What does it mean to be a mother? Does it dictate the course of a women’s life, the choices she makes, who she is, or even who she will forever be? And when do a mother’s bad decisions make them a bad person?
These are questions that multi-talented author Kahlia Bakosi explores in her chilling short story, Mum’s the Word.
LOVE, MOTHERING AND MURDER
The story centres on mother Natalie and what happens when the life she has carefully built is shattered by the murder of one of her three children. But, steadily, as the tale unfolds you discover that Natalie’s life may be not as spotless – and her love not as unconditional – as it first appears.
“She wants to do right by her family,” Bakosi tells Fringe Frequency. “She’s one of those people who has probably grown up a perfectionist, someone who always wants to be seen in good light. You know, there’s some people who can’t even cope with someone thinking bad of them: they always want to be in everyone’s good books. I think, Natalie felt becoming a mum was her greatest calling… anything that threatened that perfect image of what she wanted her life to be she felt she had to go against.
“So, the book really challenges what it means to be a mum. Do you ever stop being a mum?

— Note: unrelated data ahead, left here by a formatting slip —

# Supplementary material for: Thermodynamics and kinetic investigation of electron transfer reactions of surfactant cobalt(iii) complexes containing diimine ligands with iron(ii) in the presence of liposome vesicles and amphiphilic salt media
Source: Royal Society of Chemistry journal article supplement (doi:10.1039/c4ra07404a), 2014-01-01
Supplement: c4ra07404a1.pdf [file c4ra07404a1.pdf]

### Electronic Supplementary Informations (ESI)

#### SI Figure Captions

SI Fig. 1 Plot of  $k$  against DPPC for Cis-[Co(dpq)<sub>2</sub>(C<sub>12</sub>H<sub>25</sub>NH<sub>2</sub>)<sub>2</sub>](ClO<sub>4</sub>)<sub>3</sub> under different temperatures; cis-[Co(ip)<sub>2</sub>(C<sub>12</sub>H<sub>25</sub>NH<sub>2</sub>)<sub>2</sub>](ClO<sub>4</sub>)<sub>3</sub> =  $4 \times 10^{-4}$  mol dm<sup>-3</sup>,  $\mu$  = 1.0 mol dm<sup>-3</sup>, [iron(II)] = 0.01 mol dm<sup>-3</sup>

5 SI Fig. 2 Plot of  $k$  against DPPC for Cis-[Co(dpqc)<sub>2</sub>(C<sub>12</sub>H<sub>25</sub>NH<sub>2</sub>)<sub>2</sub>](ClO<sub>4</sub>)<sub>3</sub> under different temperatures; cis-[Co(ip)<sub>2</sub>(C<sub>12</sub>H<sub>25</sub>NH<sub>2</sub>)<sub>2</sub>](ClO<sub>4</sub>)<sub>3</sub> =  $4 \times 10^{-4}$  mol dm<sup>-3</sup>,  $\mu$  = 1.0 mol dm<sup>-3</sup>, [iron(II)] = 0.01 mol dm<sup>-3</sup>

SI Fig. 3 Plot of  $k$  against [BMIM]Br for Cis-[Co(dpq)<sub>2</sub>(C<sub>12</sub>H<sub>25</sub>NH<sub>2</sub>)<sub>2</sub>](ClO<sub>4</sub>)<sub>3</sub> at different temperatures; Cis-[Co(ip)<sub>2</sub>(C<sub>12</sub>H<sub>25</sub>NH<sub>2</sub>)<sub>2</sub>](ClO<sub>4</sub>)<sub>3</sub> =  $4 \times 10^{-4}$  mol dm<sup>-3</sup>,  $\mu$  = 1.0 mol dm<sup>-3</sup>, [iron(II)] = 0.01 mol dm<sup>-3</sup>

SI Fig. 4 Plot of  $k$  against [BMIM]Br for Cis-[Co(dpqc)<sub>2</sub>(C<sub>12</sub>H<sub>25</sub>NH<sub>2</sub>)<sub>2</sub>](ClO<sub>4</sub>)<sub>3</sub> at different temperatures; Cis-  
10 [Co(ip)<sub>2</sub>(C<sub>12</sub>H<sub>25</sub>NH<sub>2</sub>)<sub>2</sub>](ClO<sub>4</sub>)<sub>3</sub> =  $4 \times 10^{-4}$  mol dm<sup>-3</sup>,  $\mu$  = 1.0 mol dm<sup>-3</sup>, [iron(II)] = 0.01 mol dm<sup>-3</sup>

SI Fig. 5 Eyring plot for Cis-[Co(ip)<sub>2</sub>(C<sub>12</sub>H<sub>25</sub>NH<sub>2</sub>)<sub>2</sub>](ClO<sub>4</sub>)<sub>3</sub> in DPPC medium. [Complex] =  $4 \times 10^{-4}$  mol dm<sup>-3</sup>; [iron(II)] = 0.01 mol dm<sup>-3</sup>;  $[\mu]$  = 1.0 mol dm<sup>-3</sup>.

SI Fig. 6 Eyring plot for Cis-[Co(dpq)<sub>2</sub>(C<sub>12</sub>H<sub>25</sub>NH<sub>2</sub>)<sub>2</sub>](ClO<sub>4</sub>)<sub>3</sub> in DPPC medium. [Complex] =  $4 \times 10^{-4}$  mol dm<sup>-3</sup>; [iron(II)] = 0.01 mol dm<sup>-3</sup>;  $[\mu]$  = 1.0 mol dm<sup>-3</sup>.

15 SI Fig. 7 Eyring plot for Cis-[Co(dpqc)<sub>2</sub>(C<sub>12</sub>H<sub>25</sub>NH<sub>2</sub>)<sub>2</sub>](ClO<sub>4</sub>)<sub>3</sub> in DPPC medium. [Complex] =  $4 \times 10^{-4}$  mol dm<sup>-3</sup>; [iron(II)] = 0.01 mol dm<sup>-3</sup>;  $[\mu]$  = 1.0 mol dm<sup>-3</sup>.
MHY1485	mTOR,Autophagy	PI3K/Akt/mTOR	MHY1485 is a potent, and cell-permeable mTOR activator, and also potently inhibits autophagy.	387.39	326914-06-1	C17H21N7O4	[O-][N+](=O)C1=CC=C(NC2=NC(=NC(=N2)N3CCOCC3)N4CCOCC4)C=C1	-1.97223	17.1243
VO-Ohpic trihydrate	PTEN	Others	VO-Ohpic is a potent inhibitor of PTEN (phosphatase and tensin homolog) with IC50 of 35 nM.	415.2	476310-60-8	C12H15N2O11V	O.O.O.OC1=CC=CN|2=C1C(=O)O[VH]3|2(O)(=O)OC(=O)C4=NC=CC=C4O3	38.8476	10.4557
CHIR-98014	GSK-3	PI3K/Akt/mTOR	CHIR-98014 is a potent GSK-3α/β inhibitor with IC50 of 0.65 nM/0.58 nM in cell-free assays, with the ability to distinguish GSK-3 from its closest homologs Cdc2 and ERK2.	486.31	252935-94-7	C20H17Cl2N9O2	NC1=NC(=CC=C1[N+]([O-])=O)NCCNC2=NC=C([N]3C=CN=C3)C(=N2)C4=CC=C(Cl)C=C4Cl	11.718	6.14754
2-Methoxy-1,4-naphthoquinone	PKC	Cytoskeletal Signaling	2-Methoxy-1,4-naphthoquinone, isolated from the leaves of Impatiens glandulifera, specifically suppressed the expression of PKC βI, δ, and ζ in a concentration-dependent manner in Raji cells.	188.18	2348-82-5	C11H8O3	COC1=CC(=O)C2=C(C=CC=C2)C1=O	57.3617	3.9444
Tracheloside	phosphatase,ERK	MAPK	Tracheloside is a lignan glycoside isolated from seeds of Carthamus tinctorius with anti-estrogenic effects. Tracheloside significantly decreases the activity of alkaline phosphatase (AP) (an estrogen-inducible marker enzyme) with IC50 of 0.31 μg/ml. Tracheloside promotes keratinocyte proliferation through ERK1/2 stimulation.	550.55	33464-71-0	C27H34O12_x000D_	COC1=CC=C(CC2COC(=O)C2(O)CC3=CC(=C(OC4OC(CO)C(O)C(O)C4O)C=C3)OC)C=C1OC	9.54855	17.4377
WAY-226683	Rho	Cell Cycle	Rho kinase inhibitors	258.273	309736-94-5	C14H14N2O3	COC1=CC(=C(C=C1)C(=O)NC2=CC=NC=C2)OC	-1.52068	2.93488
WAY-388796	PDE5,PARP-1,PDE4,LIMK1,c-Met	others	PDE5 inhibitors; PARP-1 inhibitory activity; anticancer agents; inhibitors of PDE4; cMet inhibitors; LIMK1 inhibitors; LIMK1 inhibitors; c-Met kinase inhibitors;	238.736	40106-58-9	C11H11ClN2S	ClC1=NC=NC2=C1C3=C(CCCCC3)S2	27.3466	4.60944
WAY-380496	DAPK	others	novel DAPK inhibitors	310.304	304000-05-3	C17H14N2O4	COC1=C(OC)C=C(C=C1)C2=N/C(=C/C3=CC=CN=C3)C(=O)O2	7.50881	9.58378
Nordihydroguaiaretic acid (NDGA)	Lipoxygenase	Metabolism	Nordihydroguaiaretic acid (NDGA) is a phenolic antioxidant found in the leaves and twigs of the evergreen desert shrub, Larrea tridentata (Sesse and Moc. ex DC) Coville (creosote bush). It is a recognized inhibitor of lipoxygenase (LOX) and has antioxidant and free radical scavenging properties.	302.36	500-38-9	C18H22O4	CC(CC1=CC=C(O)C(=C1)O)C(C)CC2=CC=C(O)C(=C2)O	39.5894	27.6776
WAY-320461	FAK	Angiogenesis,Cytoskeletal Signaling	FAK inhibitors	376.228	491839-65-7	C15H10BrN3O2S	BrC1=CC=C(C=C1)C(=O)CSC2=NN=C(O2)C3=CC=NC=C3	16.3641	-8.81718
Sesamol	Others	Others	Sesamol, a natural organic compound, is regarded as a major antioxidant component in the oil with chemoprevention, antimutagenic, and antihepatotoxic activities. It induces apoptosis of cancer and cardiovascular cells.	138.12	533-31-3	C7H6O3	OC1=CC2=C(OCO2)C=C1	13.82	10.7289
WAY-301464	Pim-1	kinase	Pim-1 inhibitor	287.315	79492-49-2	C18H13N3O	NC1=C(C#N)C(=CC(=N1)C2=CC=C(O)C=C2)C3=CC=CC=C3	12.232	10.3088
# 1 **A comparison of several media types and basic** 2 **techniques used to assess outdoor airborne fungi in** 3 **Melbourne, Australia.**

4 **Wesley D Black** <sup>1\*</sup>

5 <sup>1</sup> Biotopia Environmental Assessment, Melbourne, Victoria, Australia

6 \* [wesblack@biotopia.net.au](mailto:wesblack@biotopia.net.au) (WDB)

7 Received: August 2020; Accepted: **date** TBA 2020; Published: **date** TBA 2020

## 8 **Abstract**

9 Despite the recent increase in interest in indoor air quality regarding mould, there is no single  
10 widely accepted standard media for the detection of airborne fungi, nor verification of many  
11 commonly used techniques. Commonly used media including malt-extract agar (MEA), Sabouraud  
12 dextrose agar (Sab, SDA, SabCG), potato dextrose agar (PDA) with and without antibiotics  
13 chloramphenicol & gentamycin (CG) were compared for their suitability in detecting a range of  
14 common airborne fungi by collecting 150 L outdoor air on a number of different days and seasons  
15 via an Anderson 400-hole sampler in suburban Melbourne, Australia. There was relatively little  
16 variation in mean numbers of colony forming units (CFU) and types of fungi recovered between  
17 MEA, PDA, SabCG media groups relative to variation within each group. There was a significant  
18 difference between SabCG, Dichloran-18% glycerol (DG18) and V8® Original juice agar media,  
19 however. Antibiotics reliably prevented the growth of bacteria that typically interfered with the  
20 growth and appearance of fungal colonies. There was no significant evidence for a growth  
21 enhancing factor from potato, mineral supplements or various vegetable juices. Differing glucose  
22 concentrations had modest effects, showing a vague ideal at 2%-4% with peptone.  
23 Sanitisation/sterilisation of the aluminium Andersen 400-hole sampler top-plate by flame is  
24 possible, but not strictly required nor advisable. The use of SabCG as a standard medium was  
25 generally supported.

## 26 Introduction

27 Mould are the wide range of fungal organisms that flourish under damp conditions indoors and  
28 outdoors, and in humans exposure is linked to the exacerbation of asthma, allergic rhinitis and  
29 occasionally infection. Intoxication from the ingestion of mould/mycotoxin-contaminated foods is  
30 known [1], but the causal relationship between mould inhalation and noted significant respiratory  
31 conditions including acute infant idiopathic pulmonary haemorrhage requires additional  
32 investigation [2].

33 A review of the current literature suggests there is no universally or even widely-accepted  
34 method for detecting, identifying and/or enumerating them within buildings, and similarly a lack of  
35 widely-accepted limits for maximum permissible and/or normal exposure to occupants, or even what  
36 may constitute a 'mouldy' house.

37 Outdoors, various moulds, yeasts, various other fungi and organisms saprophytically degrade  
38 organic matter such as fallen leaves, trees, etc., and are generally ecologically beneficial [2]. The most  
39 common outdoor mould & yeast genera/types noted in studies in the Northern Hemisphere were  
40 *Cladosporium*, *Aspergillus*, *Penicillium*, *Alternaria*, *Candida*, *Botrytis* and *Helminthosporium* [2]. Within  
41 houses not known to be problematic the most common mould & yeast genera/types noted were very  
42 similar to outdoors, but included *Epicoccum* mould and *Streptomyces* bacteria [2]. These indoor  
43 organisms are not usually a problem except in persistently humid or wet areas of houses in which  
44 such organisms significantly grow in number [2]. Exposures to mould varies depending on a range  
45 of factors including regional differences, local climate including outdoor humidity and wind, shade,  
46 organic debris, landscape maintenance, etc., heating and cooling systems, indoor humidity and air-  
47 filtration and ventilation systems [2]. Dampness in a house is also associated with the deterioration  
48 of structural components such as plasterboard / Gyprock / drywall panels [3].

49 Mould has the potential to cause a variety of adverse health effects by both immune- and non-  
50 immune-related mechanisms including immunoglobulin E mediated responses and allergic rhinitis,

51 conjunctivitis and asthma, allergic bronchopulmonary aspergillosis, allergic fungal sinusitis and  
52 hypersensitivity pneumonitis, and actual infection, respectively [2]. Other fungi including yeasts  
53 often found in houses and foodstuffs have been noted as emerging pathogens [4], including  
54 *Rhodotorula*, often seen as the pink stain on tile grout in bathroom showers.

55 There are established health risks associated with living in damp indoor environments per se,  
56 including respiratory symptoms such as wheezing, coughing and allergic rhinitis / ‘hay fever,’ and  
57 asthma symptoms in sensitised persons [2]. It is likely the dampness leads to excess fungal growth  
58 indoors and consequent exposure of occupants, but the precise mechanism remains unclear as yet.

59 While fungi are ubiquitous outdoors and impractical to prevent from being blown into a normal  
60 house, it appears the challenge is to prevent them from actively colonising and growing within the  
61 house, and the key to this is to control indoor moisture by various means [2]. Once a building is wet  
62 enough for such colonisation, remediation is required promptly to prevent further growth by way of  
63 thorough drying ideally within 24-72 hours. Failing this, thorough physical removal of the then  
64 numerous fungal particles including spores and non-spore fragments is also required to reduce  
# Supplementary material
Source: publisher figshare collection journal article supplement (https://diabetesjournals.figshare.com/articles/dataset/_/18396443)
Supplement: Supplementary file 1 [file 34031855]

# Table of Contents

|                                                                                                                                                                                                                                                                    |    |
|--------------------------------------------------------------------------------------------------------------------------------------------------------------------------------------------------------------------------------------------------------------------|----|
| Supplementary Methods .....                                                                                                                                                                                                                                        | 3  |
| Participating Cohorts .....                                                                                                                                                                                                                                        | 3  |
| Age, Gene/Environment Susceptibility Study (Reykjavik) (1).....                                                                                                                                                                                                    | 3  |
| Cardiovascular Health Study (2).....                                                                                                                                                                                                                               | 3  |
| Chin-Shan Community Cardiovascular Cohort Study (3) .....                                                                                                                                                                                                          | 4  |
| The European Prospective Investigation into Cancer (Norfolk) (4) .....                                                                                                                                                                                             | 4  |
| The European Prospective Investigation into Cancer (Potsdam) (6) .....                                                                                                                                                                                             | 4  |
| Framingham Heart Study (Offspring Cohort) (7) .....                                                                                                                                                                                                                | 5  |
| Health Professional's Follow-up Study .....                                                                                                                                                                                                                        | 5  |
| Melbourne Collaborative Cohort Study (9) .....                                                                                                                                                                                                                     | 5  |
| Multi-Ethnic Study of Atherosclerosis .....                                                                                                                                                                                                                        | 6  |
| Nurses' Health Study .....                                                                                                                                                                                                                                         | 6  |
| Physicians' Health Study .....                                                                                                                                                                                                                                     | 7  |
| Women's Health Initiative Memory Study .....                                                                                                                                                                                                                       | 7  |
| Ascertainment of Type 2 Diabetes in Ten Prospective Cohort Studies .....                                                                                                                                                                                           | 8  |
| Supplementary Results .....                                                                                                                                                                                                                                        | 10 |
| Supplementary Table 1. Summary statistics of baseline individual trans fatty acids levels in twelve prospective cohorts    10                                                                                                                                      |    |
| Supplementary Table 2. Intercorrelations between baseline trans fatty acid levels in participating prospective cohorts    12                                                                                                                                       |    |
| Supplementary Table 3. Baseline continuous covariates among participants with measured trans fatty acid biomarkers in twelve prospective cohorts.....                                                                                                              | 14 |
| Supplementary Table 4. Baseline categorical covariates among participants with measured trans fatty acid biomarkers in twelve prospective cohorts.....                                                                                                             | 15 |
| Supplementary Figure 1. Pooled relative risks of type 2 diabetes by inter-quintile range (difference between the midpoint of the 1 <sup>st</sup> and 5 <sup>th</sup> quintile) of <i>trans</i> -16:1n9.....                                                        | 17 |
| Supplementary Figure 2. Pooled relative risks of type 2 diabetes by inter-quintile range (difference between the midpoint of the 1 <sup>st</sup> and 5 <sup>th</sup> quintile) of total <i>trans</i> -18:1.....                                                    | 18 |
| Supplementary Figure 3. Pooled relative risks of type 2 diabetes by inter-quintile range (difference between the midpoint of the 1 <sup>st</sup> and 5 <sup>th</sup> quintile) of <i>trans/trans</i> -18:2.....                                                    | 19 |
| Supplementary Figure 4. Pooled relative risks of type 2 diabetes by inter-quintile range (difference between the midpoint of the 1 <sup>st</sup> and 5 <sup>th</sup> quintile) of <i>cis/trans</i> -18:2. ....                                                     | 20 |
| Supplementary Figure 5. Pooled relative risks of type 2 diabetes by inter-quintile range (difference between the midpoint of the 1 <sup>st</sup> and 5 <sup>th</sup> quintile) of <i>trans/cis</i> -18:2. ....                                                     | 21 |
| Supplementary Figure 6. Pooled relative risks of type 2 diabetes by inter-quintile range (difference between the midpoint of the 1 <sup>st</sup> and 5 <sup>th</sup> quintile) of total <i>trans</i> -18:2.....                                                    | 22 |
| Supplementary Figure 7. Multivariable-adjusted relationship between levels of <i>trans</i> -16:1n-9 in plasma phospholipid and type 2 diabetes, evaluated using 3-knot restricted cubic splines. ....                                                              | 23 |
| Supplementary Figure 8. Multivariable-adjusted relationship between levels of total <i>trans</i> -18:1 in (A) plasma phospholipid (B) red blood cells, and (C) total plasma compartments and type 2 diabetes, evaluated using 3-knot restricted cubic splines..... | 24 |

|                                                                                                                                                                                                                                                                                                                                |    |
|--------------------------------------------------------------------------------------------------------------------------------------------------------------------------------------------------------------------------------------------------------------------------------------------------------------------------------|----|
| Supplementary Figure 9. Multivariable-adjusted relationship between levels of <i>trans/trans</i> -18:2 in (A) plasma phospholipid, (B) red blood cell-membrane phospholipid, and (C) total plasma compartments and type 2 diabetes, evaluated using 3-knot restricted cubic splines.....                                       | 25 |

“Ultimately, it’s her dark thoughts and what guides her decision making that I was exploring throughout the course of the book. The way in which she thinks and she rationalises what is right for a mother to do. And the fact that she’s got the other people calling her mum: does she have the same loyalty to them? Because she’s the only one who really seems to know the truth about where they all come from. I thought it would be quite an interesting perspective to explore.”
Mum’s the Word is something of a departure from Bakosi’s other projects. It’s darker tone might appear kin to a Dreda Say Mitchell book. Her first short story, Twice, is about how private love affairs rarely stay private in the small social world of London. But what they both share is a compact page length – 64-pages in the case of Mum’s the Word – and discourse that’s free from filler.